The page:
On Monday, September 12, 2022, the Northern Governors Forum (NGF) and the Northern Traditional Rulers Council (NTRC) met in Abuja and called for the amendment to the 1999 Constitution to give legal backing to the immediate establishment of state police.
Chairman of the Governors Forum and Plateau State governor, Simon Bako Lalong, who read the communiqué, said the meeting was held to, among other issues, “review the state of security in the North and other matters relating to the progress and development of the region.”
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It was the first time the northern governors, along with the traditional leaders, were making a strong case for the establishment of state police. They explained that it was the only way to effectively tackle the lingering terrorism, insurgency, banditry, kidnapping and wanton destruction of lives and property in the region.
Hitherto, this call had been made by some persons from the North and the South regions.
The northern governors, along with their southern counterparts, under the aegis of the Nigeria Governors’ Forum (NGF), had on June 25, 2012, met in Abuja and called for State police to tackle the spiralling security crisis.
But on July 28, 2012, the 19 northern governors backtracked. In the communiqué announcing the U-turn, then chairman of the Northern States Governors’ Forum and Governor of Niger State, Dr Mu’azu Babangida Aliyu, said: “The Forum was not in support of the creation of state police.” It, however called for police reform that would involve the states in the control and management of police, including amendment of Section 215 of the 1999 Constitution.”
Section 215(2) states: “The Nigeria Police Force shall be under the command of the Inspector-General of Police and any contingents of the Nigeria Police Force stationed in a state shall, subject to the authority of the Inspector-General of Police, be under the command of the Commissioner of Police of that State.”
During the national confab, delegates on June 26, 2014, adopted the resolution in support of the establishment, funding and operation of state and community police based on state laws. Of course, none of the confab resolutions was implemented.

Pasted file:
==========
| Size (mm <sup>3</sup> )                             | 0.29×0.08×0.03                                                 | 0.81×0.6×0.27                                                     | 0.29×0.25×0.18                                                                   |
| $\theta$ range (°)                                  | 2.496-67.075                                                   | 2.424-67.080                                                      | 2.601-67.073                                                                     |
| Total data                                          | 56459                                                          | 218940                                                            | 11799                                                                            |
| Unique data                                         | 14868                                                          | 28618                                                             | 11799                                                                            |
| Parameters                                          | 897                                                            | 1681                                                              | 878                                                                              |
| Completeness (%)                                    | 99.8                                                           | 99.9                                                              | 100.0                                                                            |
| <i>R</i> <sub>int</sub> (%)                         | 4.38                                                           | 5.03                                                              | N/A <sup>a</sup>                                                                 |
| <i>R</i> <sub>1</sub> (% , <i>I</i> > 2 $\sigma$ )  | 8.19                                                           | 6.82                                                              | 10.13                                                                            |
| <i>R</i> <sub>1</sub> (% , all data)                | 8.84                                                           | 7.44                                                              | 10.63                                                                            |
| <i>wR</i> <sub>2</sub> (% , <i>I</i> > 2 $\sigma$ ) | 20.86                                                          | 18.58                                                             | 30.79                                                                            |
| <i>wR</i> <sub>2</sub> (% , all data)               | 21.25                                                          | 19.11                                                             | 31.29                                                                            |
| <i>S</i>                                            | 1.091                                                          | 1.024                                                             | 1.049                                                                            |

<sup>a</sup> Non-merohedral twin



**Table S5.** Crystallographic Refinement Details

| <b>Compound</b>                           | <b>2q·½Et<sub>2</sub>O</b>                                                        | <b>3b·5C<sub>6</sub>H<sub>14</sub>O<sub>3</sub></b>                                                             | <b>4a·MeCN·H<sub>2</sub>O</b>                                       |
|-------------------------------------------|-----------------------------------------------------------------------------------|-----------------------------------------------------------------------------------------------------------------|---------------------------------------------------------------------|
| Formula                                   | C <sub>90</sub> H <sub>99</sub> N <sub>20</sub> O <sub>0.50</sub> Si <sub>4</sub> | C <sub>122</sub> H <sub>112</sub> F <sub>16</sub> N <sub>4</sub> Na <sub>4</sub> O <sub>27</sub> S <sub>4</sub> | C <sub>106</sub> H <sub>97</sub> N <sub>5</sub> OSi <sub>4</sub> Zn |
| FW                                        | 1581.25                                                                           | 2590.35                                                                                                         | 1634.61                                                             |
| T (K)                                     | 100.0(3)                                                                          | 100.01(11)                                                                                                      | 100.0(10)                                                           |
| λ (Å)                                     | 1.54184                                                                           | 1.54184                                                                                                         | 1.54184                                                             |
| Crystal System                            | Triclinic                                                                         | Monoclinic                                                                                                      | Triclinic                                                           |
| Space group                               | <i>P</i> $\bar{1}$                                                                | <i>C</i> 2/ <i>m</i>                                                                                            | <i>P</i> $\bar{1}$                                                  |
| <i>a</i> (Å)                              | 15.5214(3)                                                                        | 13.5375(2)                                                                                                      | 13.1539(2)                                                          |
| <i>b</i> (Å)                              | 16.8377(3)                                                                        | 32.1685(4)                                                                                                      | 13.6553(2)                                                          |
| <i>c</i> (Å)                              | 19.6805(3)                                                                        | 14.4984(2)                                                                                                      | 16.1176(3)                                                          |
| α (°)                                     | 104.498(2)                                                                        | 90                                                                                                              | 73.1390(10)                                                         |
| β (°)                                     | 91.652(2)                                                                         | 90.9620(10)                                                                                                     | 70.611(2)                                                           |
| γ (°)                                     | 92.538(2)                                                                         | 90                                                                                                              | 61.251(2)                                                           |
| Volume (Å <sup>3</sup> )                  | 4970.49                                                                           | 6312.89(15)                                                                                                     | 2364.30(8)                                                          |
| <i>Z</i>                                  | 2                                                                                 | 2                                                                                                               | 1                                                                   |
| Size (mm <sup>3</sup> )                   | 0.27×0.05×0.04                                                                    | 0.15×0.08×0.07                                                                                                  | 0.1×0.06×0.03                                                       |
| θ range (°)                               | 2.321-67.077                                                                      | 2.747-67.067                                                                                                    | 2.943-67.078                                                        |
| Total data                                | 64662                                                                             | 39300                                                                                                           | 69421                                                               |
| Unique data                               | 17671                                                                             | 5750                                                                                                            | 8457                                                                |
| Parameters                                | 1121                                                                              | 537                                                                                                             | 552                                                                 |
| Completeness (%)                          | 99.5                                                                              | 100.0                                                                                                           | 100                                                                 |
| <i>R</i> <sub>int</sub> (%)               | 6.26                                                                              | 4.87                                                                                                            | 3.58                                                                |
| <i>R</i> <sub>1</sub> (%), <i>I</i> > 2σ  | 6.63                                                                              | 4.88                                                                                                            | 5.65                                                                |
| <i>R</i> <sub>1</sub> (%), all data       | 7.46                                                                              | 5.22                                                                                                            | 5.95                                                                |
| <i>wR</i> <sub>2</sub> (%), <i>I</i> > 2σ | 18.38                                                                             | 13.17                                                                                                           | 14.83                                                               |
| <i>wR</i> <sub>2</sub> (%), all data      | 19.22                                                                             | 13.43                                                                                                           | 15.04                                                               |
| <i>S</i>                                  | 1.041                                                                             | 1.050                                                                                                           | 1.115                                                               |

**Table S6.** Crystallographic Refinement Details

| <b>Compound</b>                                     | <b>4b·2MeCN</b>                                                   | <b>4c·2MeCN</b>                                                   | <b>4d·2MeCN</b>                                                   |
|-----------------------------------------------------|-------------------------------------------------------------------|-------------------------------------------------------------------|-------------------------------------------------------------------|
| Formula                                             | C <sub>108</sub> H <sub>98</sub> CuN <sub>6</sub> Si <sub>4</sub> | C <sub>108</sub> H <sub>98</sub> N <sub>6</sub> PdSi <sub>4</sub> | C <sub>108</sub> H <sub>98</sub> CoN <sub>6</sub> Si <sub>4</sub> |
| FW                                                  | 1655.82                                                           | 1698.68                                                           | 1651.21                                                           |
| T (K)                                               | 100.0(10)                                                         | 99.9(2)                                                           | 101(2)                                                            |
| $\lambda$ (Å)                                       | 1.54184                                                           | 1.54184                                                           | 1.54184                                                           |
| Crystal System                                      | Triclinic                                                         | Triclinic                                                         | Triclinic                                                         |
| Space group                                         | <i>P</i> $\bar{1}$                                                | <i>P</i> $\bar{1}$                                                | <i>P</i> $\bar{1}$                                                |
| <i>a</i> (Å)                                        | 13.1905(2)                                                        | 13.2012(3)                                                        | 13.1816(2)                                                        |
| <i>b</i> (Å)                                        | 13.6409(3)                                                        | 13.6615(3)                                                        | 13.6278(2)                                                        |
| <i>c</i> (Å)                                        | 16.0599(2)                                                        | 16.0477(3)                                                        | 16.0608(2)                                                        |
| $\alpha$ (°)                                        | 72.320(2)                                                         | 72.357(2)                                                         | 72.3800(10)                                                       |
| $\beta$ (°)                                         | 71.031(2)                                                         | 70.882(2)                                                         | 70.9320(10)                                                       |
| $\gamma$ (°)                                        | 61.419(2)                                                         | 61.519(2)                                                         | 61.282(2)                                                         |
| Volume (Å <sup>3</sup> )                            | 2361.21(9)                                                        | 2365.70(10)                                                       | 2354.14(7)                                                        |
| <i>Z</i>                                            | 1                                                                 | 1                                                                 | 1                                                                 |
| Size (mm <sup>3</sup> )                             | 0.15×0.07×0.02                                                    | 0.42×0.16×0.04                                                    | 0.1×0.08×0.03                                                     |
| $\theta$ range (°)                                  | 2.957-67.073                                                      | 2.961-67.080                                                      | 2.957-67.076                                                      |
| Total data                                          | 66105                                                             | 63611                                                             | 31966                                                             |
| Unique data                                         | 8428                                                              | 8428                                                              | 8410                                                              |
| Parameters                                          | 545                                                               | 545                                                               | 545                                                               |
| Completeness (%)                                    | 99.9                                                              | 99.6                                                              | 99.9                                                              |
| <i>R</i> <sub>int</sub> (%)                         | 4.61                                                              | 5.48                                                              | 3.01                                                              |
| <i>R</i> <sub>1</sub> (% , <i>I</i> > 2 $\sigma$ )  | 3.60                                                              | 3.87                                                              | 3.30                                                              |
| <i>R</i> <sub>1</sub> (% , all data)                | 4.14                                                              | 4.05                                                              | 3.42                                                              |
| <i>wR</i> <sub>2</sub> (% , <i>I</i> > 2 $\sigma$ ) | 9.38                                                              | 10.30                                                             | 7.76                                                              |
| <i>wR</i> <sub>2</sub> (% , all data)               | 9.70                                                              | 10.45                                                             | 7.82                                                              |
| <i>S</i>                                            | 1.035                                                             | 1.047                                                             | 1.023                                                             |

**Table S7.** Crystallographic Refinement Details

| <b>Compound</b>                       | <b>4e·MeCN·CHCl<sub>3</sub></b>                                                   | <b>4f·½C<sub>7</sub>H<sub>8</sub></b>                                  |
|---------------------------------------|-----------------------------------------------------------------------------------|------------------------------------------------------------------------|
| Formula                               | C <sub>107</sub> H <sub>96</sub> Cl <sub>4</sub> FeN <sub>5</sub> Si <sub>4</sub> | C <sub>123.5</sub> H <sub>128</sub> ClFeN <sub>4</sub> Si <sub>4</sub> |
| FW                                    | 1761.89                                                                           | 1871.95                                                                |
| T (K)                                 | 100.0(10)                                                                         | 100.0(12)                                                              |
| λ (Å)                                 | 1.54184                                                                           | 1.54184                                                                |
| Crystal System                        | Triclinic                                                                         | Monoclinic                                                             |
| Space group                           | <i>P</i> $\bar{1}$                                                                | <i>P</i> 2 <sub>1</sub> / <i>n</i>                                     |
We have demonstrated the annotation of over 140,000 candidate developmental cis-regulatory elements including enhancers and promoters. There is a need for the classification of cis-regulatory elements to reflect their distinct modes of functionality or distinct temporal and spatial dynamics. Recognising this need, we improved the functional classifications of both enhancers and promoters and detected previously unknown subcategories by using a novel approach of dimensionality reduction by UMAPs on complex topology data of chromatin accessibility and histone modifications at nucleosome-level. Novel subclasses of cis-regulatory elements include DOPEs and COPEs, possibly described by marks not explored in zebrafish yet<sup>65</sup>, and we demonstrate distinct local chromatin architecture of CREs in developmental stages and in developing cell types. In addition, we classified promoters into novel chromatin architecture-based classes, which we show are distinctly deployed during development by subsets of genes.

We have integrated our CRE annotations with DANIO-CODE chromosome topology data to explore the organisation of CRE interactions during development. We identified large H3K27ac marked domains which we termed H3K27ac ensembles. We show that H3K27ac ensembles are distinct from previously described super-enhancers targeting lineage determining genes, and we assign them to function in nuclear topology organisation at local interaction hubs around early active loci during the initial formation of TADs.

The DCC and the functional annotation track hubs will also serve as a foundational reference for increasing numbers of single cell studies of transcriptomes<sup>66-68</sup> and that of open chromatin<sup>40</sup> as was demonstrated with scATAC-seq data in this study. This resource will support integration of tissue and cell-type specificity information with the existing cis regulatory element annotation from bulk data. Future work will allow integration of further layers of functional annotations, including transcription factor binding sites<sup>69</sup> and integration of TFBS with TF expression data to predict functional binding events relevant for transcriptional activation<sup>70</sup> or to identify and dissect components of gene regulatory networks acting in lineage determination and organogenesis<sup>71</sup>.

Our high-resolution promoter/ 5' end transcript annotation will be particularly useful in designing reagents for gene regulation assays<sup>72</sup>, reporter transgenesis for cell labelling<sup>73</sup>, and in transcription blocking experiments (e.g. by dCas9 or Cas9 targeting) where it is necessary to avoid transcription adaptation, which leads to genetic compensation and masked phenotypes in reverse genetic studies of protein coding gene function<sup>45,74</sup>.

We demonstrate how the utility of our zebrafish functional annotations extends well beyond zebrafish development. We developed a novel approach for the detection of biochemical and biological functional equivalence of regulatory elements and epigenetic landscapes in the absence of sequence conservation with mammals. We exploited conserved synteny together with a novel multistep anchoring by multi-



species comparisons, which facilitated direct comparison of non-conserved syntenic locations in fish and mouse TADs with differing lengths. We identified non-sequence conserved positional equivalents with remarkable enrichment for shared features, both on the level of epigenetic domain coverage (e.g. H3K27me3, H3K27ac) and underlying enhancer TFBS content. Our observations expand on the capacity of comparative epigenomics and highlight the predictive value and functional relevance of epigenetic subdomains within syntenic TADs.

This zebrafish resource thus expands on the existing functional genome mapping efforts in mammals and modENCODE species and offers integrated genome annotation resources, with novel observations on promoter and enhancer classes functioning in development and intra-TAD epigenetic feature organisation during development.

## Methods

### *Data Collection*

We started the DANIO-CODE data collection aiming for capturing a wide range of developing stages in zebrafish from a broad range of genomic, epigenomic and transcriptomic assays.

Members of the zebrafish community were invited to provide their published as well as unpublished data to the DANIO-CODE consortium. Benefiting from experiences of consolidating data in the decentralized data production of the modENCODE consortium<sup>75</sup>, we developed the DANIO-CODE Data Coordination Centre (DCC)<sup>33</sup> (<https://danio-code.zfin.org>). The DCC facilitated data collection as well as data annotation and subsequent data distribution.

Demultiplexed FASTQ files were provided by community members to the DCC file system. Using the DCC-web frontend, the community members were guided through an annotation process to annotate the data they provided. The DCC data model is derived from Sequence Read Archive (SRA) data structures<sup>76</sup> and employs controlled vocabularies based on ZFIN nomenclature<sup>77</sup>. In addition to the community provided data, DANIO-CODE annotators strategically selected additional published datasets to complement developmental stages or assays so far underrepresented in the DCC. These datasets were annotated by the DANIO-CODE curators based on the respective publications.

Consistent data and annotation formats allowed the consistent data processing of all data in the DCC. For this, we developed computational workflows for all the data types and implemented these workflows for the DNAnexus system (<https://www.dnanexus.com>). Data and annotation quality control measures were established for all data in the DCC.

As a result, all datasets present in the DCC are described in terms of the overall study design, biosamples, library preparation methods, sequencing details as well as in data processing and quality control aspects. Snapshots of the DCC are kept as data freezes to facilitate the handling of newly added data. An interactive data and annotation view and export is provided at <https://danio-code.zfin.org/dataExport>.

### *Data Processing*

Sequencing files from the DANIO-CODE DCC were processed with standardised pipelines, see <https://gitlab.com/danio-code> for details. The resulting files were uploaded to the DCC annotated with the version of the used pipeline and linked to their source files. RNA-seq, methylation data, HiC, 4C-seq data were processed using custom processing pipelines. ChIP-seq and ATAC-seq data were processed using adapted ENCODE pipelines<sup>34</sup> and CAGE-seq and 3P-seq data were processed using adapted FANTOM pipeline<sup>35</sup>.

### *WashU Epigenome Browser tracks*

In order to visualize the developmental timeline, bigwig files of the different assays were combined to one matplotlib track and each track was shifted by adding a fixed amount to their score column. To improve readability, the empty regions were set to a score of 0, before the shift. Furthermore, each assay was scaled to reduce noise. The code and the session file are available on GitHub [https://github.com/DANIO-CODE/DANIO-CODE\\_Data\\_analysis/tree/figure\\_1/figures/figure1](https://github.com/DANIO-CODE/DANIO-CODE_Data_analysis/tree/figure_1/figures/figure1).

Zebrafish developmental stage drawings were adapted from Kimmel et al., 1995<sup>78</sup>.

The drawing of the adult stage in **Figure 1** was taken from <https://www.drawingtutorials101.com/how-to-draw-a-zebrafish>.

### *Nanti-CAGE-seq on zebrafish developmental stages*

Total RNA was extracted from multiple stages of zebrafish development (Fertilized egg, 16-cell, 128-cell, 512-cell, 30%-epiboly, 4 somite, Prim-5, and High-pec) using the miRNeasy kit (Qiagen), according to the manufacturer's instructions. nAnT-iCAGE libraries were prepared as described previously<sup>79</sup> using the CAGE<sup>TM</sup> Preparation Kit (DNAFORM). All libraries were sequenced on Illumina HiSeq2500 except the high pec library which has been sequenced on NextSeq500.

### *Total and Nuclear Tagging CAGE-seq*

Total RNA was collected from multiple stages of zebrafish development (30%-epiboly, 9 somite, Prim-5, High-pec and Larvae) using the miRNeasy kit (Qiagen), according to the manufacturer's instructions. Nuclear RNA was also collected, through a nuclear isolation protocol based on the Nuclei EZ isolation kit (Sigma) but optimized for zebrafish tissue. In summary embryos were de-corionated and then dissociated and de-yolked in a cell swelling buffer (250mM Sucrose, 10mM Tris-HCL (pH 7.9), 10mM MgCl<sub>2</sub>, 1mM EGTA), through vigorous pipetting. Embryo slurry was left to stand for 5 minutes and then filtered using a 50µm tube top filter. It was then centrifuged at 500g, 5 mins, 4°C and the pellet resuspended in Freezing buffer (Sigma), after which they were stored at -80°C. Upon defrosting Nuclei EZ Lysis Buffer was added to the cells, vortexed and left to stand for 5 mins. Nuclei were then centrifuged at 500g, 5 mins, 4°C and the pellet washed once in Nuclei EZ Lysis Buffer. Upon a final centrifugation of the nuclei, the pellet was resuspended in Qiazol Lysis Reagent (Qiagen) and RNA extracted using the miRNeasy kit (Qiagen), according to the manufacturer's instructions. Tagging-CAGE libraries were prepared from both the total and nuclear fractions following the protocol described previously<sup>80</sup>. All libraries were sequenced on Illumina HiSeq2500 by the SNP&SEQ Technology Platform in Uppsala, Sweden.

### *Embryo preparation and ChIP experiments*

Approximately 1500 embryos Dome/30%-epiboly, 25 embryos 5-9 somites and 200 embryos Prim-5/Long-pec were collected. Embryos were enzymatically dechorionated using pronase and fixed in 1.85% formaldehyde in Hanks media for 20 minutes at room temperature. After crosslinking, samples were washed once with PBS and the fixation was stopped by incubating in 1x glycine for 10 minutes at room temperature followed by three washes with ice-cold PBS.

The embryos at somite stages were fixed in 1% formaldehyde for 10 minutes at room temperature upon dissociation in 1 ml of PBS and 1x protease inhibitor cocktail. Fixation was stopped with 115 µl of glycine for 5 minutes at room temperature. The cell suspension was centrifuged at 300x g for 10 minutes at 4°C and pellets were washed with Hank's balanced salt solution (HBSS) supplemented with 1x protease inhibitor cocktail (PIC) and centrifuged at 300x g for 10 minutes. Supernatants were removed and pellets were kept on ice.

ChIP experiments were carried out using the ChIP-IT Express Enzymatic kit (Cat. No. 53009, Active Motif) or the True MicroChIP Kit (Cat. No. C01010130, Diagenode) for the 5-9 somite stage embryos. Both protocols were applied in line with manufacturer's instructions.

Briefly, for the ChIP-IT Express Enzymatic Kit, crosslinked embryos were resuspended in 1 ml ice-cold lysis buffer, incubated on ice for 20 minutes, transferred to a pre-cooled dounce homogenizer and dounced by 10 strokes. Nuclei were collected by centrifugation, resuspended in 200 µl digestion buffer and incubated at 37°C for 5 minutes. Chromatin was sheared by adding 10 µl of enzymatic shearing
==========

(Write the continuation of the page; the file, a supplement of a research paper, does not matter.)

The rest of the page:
Also, the All Progressives Congress (APC) Committee on Restructuring headed by Governor Nasir El-Rufai of Kaduna State, recommended state police in its report on January 25, 2018.
We believe that the governors of the northern region did not reach this decision lightly. It must have been based on the insecurity challenges that they have had to and are still battling and should be taken seriously.
Clearly, the ability of the current security architecture to police Nigeria from Abuja, the Federal Capital Territory, and deal decisively with insecurity has become practically impossible. First, the country is grossly under-policed with a police personnel strength of about 371,800 for a population of over 200 million. This is well below the United Nations requirement of one policeman to 400 citizens.
Already, states, regional and local vigilante security networks have been established by governors, local government chairmen and communities to try to close the gap. For example, the Hisbah police in Kano State is enforcing Sharia Islamic law, there is the Borno State Civilian Joint Task Force (JTF), the Benue State Livestock Guards enforcing the Anti-Open Grazing Law, the Amotekun in the South-west region and Ebubeagu in the South-east part of the country. This means that state or community police already exist, though informally and without full legal backing.
Therefore, the call by northern leaders has added new momentum to the call for state police and it is time that this issue is looked into practically and given the support it requires. The National Assembly is expected to play along. Already, Senator Ajibola Basiru (Osun Central) and Senate spokesman has said that he would reintroduce the bill for the immediate establishment of state police, which was not voted on by the Constitutional Review Committee.
That said, we cannot gloss over concerns that have been raised over this issue, which must be addressed for it to work.
In implementing state police, certain things must be fashioned out, including; to what extent will the operatives be armed? And how can it be guaranteed that armed state police would not end up as ethnic militia in a country where a single ethnic group dominates in most states? There is also the fear of governors using or abusing state police for their own political ends? Governors already have too much power. State police under their control will only add more to their power. How this can be checked must be factored in, in implementing this idea among other issues.
The public good and national interest must be paramount. The modus operandi and the relationship with the Nigeria police must be spelt out. And most importantly, whether federal or state police, they should be properly funded. They must not face the prevalent challenges of poor funding, lack of motivation, poor welfare services, lack of equipment and functional vehicles.
Personnel of state police must not suffer from non-payment of salaries. It is dangerous to give guns and other politicking powers to hungry personnel.
There is no doubt that the time for state police has come, therefore, all stakeholders must work towards its success.